In Britain, Israel, Palestine
British roots of Palestine conflict

Portrait of Lord Balfour, along with his famous declaration. Source: Wikipedia Commons

By Saurav Sarkar. Published by Globetrotter and Eurasia Review, October 19, 2023.

Israeli flags are flying over all government buildings in the United Kingdom currently, but this isn’t the first time the former imperial hegemon has put its weight behind Zionism. In 1917, the British government issued the infamous Balfour Declaration.

This brief document—67 words—was a turning point in modern Palestinian history. It committed Great Britain to establishing a “national home” for Jewish people in Palestine. (The initial language promised a “Jewish state,” but was changed later.) The Balfour Declaration contained language that was meant to safeguard Palestinians, but we have seen how that has played out in the ensuing century.

From World War I to 1948, the British ruled Palestine, the bulk of that time under a mandate issued by the League of Nations. The population of Jewish settlers in Palestine increased over these decades—particularly the 1930s—as the British government fostered their immigration. In 1922, only 11 percent of the population in the region was Jewish. By 1931, the figure was up to about 17 percent. By 1939, it was almost 30 percent.

At that point, the British government sought to limit any further expansion of the Jewish population in order to ensure stability in the region. But by then, it was too late—the facts on the ground had changed. What had been a region that was almost 90 percent Palestinian had become a contested land between two demographically numerous groups. Moreover, the British had confiscated land from Palestinians to hand it over to Jewish people and engaged in violent repression of incipient Palestinian nationalism. And in the 1930s, a British government commission recommended that Palestine be partitioned, laying the groundwork for the failed “two-state solution.”

In other words, this conflict is the product of specific imperial policies that were practiced in the first half of the 20th century to foster a colonial project. The “Jewish question”—Europe’s longstanding inability to adequately address its own antisemitism—was made into Palestinians’ Zionist problem by the British Empire.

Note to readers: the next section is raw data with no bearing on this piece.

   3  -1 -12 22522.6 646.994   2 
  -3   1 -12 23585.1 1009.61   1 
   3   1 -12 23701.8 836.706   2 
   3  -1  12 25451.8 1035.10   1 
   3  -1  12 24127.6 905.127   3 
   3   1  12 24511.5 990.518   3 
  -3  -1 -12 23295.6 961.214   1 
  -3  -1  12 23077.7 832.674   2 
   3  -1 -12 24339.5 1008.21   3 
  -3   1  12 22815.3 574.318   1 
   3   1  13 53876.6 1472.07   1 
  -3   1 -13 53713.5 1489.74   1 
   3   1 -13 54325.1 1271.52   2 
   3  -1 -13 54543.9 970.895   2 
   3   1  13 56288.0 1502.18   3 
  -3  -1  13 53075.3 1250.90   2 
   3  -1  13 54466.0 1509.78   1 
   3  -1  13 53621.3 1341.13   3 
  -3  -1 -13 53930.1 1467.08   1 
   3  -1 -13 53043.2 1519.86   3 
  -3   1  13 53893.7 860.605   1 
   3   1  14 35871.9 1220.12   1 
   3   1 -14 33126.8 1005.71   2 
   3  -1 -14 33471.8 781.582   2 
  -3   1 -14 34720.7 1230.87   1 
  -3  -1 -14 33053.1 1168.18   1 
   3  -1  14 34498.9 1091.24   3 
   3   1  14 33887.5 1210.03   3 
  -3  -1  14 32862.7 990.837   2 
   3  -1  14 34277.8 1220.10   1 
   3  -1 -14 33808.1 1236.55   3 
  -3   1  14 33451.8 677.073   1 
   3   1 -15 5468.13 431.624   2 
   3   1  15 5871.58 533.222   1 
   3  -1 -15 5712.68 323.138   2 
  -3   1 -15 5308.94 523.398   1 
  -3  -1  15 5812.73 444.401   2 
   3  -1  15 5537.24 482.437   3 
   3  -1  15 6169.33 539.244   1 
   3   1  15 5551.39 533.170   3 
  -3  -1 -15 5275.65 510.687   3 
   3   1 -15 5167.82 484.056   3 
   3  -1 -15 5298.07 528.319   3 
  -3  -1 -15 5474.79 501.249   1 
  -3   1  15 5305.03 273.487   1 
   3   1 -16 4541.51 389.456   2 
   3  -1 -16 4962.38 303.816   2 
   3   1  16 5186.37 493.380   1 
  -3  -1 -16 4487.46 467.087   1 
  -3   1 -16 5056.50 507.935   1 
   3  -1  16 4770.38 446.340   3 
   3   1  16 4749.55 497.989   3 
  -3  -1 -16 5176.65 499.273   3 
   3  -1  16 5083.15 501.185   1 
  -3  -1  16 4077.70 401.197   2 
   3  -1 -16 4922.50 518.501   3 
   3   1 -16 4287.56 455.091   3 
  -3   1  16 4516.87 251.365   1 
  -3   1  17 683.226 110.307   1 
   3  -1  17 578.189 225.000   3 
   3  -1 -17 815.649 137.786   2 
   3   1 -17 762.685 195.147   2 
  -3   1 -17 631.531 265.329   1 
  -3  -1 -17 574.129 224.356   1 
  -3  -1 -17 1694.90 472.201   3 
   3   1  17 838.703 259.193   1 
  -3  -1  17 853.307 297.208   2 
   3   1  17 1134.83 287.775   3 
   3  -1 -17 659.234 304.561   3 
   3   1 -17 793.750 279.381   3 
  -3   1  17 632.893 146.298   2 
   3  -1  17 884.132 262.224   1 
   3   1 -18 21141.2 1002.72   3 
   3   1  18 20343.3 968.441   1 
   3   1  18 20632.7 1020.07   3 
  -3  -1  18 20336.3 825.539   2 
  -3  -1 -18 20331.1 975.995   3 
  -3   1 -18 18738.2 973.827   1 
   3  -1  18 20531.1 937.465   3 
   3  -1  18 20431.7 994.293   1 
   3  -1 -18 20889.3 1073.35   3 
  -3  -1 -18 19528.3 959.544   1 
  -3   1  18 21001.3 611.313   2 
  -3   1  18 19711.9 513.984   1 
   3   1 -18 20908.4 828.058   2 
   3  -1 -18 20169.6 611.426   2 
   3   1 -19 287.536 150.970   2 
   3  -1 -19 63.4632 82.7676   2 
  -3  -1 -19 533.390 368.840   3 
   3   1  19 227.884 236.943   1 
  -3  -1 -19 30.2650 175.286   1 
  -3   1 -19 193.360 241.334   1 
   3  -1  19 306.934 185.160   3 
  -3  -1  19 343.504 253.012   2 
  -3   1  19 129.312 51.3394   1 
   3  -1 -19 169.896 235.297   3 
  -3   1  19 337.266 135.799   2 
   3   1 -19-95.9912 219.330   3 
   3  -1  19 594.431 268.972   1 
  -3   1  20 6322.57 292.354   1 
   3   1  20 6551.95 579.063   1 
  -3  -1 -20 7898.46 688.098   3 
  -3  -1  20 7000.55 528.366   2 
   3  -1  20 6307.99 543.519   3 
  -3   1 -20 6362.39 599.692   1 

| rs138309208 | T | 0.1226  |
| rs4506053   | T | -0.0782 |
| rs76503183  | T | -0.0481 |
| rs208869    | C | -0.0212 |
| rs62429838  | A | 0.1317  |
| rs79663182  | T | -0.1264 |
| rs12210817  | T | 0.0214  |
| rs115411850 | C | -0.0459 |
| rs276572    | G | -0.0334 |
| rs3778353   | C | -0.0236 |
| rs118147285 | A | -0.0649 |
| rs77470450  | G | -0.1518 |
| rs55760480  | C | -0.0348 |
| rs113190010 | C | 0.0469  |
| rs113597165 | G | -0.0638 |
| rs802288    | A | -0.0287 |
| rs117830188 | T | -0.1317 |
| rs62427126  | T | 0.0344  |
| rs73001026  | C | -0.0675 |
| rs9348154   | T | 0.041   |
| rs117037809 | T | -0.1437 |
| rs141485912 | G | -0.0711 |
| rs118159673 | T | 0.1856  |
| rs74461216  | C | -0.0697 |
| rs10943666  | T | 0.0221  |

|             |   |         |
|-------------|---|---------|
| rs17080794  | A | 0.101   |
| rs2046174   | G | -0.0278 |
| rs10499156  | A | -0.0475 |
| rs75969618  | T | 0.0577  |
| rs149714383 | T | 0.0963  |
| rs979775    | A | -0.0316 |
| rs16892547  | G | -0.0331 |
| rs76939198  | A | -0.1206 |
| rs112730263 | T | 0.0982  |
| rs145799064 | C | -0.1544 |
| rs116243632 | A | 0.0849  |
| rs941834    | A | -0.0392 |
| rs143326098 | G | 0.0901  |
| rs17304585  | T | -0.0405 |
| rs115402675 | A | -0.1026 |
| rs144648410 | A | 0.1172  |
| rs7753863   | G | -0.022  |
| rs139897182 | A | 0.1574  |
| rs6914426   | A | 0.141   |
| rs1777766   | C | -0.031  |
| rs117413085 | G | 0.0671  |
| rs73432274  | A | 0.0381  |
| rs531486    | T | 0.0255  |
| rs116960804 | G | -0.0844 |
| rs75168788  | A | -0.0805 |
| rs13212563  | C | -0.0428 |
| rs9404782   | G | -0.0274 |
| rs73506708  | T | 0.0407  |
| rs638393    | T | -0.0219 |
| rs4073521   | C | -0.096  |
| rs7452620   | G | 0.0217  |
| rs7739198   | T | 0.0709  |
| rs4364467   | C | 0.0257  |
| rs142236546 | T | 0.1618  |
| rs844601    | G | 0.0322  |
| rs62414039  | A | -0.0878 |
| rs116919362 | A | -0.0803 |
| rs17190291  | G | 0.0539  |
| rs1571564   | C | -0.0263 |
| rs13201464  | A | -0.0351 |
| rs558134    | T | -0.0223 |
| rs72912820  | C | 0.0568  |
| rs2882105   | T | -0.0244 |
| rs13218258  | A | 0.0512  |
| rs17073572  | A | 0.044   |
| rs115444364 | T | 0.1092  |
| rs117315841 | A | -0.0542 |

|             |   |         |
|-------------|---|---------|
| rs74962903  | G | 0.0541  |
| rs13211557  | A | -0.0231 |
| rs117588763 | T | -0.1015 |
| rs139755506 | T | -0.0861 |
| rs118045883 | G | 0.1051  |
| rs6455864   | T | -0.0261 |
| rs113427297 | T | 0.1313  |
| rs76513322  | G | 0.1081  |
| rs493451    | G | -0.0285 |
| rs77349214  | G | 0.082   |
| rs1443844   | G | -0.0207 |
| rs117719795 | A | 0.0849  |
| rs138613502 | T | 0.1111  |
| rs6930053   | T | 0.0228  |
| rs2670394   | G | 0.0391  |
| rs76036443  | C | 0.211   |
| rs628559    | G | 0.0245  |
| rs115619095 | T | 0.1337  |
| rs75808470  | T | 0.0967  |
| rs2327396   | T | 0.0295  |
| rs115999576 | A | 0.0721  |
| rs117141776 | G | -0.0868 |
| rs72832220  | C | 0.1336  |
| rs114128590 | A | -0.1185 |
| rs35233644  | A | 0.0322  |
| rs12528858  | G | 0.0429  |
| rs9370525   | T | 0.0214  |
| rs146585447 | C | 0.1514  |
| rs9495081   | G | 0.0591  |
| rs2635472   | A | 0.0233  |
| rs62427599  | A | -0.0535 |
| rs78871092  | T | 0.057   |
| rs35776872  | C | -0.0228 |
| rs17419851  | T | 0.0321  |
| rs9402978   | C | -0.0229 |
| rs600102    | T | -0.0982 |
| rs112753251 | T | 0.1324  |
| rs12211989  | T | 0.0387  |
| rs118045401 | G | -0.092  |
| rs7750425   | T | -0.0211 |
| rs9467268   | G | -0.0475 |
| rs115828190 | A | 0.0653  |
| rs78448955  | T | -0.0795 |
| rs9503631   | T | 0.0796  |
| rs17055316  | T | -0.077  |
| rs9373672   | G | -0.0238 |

One of the key features of British rule was to play different groups against each other. One of the key methods adopted by them over the course of centuries and a global collection of provinces was to study the social history of their subjects to manage the politics and play different groups against each other.

The support for Jewish migration to Palestine triggered resentment and mobilization by Indigenous Palestinians, eventually leading to the Great Revolt of 1936-1939. The revolt, which included a general strike and peasant uprising, was violently repressed by the British government in collaboration with Zionist paramilitaries. However, after the revolt, the British began to limit further Jewish immigration to the region, turning against the group they had supported in order to protect their imperial interests. This led to violent attacks by Zionists in Palestine.

Palestine is not alone in this fate. In region after region, the British used strategies of “divide and rule” to pit one people against another for the benefit of the empire. In British India, they pushed the Hindu-Muslim divide, sometimes favoring one population, sometimes the other. In Cyprus, they pitted the Greeks against the Turks. In Sri Lanka, it was the Tamils against the Sinhalese. In Ireland, it was the Catholics against the Protestants. The list goes on.

In all of these places, the supposedly “ancient” politics of intergroup conflict have persisted beyond when the sun set on the British Empire. There have been territorial divides based on ethnicity and/or religion. British India became India and Pakistan. Pakistan was then further subdivided into Pakistan and Bangladesh. Ireland was split up into the Republic of Ireland and the UK’s Northern Ireland. Cyprus is divided in two, and its legal status is still unresolved. In Sinhalese-dominated Sri Lanka, a 30-year civil war waged to establish a Tamil state, which ended in 2009 in a similar fashion to what we are witnessing in Gaza today. And in 1948, Palestine was formally partitioned, establishing a Zionist state and what was meant to be a Palestinian one, with the blessing of the former British rulers who oversaw the beginning of the Nakba.

Each of these places has been marked with violent conflict based on “ancient” hatreds that can be traced to the last one or two centuries. It is this commonality that firmly establishes that the British Empire policies are the root cause of the violence in these regions; there are simply too many instances of these conflicts being traced back to the empire to imagine a coincidence.

While the proximate causes of Israeli apartheid, occupation, and genocide clearly lie squarely at the feet of Israel and its chief sponsor the United States, the United Kingdom has a special responsibility to make right its historical sins in Palestine—and everywhere else. A minimal first step would be to work to stop the current genocide instead of waving an Israeli flag. But this—let alone reparations—does not seem to be on the table.

Saurav Sarkar is a freelance movement writer, editor, and activist living in Long Island, New York. They have also lived in New York City, New Delhi, London, and Washington, D.C. Follow them on Twitter @sauravthewriter and at sauravsarkar.com. This article was produced by Globetrotter.

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